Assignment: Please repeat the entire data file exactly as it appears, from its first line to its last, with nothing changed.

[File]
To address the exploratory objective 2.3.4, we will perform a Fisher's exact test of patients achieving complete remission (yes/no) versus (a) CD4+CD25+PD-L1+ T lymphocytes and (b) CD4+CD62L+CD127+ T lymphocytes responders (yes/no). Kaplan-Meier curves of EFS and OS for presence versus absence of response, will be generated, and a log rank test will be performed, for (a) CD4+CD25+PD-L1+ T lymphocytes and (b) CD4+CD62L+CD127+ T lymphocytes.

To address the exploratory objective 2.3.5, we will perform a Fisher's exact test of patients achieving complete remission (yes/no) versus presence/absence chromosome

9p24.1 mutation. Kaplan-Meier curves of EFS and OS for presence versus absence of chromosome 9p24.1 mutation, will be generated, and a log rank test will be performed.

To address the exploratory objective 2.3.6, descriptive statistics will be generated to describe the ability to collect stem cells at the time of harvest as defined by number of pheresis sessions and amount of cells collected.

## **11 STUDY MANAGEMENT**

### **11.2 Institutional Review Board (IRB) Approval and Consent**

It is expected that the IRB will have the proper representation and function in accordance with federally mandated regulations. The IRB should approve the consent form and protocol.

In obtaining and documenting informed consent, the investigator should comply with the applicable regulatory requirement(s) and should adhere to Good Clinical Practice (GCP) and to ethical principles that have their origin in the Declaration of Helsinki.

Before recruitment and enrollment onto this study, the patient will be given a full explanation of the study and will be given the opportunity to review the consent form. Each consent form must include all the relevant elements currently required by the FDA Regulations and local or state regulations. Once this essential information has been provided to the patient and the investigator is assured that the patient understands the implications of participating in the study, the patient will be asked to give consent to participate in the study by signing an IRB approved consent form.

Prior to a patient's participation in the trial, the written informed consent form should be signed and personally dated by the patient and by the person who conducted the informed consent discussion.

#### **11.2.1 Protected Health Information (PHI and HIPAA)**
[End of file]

To address the exploratory objective 2.3.4, we will perform a Fisher's exact test of patients achieving complete remission (yes/no) versus (a) CD4+CD25+PD-L1+ T lymphocytes and (b) CD4+CD62L+CD127+ T lymphocytes responders (yes/no). Kaplan-Meier curves of EFS and OS for presence versus absence of response, will be generated, and a log rank test will be performed, for (a) CD4+CD25+PD-L1+ T lymphocytes and (b) CD4+CD62L+CD127+ T lymphocytes.

To address the exploratory objective 2.3.5, we will perform a Fisher's exact test of patients achieving complete remission (yes/no) versus presence/absence chromosome

9p24.1 mutation. Kaplan-Meier curves of EFS and OS for presence versus absence of chromosome 9p24.1 mutation, will be generated, and a log rank test will be performed.

To address the exploratory objective 2.3.6, descriptive statistics will be generated to describe the ability to collect stem cells at the time of harvest as defined by number of pheresis sessions and amount of cells collected.

## **11 STUDY MANAGEMENT**

### **11.2 Institutional Review Board (IRB) Approval and Consent**

It is expected that the IRB will have the proper representation and function in accordance with federally mandated regulations. The IRB should approve the consent form and protocol.

In obtaining and documenting informed consent, the investigator should comply with the applicable regulatory requirement(s) and should adhere to Good Clinical Practice (GCP) and to ethical principles that have their origin in the Declaration of Helsinki.

Before recruitment and enrollment onto this study, the patient will be given a full explanation of the study and will be given the opportunity to review the consent form. Each consent form must include all the relevant elements currently required by the FDA Regulations and local or state regulations. Once this essential information has been provided to the patient and the investigator is assured that the patient understands the implications of participating in the study, the patient will be asked to give consent to participate in the study by signing an IRB approved consent form.

Prior to a patient's participation in the trial, the written informed consent form should be signed and personally dated by the patient and by the person who conducted the informed consent discussion.

#### **11.2.1 Protected Health Information (PHI and HIPAA)**